Parental pause schemes compared: Qantas vs Virgin Australia

Parental pause benefits are a huge win for new parents, but is it better to be a Qantas or Velocity member when you’ve got a little one?

Got small children or planning to expand your family? Travel tends to come to somewhat of a halt when you welcome a child into the world, but that doesn’t mean you have to slip down the status ladder.

Both Qantas and Velocity frequent flyer programs offer a suite of features that benefit travelling families, including family pooling, family transfers and status hold schemes for new parents.

We’ve crunched the numbers to help you decide which program best aligns with your family’s travel needs. Let’s get started.

What is a status hold?

Status holds – also known as membership pauses – are a family-friendly feature for frequent flyers who hold status.

Some frequent flyer programs allow you to pause membership for a certain period of time when there’s been a new addition to your family, meaning your status will remain intact once you emerge from the baby bubble.

infant holding hands with parent

Qantas status hold vs Velocity parental pause

There are pros and cons when it comes to status hold benefits across Qantas and Velocity, so it really comes down to individual needs.

The table below two programs compare at a glance:

Program featureQantas status holdVelocity parental pause
Who qualifies?Silver, Gold, Platinum or Platinum One members of all gendersSilver, Gold and Platinum members of all genders
Required proofProof of at least six consecutive months of leave from paid employment, doctor’s letter, adoption registration form or foster carer placement plan.No requirement
Status hold length18 monthsSix-month pause, followed by a 12-month renewal
How often can you use the benefit?Twice in a five-year periodOnce every 24 months
Age of childrenSix months for biological parents, three years for adoptive parents and 16 years for foster parents.Two years and under

Who Qualifies for Qantas and Virgin Australia status holds?

Whether or not you can make the most of parental status hold benefits depends entirely on if you’re eligible for a pause.

Qantas Frequent Flyer members of all genders who hold Silver, Golf, Platinum or Platinum one status can take advantage of a status hold, providing they are taking at least six consecutive months of leave from paid employment.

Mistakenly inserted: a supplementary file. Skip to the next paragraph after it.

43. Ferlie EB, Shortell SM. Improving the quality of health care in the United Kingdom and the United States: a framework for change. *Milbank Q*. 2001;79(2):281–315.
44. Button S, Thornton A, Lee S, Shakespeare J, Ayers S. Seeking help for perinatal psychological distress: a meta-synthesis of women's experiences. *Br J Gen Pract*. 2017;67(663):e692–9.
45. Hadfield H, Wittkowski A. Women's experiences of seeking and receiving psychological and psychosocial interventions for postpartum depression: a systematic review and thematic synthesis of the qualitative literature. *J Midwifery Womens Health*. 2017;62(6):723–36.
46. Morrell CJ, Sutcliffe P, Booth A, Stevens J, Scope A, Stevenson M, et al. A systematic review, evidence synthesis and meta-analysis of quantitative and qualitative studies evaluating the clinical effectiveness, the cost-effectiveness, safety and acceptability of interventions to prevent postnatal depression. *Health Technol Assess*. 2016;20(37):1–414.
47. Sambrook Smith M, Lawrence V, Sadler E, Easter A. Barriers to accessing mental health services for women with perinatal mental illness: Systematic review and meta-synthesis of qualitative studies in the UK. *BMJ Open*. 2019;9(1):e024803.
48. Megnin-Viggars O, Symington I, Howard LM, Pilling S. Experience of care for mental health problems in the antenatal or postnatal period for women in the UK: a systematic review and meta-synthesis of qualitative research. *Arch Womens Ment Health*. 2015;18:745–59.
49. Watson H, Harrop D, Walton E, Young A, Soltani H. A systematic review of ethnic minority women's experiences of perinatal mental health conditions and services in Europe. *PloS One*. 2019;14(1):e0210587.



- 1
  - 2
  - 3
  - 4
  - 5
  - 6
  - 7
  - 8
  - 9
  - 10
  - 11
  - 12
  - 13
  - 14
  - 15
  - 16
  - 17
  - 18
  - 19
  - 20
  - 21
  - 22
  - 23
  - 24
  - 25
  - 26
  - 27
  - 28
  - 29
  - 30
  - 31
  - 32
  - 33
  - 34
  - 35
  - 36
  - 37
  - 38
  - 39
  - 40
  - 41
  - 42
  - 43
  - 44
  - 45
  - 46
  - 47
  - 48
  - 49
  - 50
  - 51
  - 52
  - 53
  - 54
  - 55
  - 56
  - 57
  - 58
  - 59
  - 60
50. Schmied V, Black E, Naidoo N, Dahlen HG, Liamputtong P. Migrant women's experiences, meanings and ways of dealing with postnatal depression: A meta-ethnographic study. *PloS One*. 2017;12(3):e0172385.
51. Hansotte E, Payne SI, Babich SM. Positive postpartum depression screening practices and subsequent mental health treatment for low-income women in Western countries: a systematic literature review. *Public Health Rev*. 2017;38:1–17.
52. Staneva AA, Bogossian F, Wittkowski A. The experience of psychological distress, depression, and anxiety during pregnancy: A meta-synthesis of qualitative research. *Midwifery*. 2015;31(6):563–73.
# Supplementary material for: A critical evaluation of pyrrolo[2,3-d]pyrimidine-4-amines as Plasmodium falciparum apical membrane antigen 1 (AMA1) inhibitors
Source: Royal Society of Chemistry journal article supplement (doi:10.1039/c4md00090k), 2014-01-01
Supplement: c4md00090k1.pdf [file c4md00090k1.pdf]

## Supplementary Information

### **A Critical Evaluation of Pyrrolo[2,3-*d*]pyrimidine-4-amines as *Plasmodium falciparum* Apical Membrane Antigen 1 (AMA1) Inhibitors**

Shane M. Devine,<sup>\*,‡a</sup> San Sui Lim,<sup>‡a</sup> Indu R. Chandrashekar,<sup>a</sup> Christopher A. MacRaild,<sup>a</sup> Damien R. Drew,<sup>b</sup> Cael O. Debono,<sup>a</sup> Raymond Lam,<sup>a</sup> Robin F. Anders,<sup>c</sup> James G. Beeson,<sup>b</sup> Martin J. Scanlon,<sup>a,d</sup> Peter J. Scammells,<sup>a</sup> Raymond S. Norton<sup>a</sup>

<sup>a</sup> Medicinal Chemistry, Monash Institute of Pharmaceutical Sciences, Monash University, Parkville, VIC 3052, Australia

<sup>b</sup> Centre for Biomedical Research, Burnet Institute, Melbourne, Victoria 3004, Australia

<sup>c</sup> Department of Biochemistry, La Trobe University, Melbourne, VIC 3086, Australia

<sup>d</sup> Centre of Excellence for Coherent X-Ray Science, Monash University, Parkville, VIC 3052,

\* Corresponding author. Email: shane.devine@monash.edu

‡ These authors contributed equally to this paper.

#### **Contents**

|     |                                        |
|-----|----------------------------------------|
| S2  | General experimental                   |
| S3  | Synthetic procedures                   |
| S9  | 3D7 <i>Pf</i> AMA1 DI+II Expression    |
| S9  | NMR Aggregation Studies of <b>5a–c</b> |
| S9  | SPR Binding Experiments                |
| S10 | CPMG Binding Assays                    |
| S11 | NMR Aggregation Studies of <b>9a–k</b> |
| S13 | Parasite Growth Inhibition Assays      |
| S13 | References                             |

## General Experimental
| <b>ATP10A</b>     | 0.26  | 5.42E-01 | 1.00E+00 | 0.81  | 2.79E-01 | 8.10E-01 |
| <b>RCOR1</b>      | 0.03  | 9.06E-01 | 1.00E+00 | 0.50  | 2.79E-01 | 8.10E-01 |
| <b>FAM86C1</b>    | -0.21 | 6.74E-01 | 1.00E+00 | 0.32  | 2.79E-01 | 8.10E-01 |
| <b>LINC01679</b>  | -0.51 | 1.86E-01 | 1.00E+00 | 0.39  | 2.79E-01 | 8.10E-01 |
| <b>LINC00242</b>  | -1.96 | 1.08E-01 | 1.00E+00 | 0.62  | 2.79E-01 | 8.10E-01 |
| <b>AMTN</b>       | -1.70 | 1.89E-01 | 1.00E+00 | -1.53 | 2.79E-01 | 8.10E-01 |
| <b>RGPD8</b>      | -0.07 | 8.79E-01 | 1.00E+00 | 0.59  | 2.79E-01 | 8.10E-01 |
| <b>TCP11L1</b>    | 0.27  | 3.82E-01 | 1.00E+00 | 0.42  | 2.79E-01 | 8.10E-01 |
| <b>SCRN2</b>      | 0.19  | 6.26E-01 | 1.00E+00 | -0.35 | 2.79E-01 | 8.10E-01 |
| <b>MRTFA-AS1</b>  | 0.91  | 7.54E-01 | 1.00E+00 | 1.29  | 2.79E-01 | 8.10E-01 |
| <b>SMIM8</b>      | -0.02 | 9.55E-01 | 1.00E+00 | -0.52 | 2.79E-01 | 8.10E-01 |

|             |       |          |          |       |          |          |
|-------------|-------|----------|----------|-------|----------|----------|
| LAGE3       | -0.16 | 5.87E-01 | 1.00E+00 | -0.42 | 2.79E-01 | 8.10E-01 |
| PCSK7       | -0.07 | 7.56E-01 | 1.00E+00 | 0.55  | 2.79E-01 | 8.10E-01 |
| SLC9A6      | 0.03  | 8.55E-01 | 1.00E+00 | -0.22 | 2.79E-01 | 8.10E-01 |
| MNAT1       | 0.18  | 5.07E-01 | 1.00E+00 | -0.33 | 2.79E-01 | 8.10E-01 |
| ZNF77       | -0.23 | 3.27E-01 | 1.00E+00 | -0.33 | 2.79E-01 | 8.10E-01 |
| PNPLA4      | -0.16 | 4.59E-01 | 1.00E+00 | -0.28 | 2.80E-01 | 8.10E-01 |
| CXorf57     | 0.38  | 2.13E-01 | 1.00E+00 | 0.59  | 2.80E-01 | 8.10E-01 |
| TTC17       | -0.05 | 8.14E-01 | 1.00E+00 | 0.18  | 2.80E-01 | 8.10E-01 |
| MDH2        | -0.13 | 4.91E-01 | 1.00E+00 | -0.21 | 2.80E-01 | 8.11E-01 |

While you’ll need to be expecting a child of your own in the coming three months, you’ll have up until a biological child is six months old to apply for a status hold.

Qantas also recognises adoptive and foster parents, who can apply three months before taking a child in, or until a child is three and 16 years old respectively.

Velocity Frequent Flyer members of all genders who hold Silver, Gold and Platinum status, on the other hand, can apply for a membership pause when caring for (or preparing to care for) a child aged under two years of age, including adopted or fostered children.

There’s much less paperwork for Velocity members, who don’t need to provide any proof of leave from employment.

However, it’s worth noting that those who hold Velocity Pilot Gold status won’t be eligible for the parental pause benefit.

What do I need for a Qantas or Virgin Australia status hold?

As we mentioned above, Qantas requires you to provide a reasonable amount of documentation when applying for a status hold. As such, we think Virgin Australia comes out on top here.

Qantas Frequent Flyer members will need:

  • A letter from your employer confirming at least six months of consecutive leave (this can be paid, unpaid or both)
  • A doctor’s letter advising the expected due date if you’re applying before the child is born (for biological parents)
  • Birth certificate if you’re applying after the child is born
  • Adoption registration (for adoptive parents)
  • Foster carer placement plan (for foster parents)

Virgin Australia has less defined requirements, with no formal requirement for documentation. Velocity simply states that members “may be required to provide verification to complete the application” at their discretion.

How long do Qantas and Virgin Australia status holds last?

The extra paperwork may be worth it for Qantas Frequent Flyer members, who are able to keep their status for longer those applying for a Velocity parental pause.

Qantas status holds allow members to keep their tier for 18 months without flying. This means that any status credits already earned will be transferred to the next membership year, allowing you to hold onto that status.

Should you start flying and consequently bump up to a higher membership tier, your status hold will automatically end, and you’ll be on your own.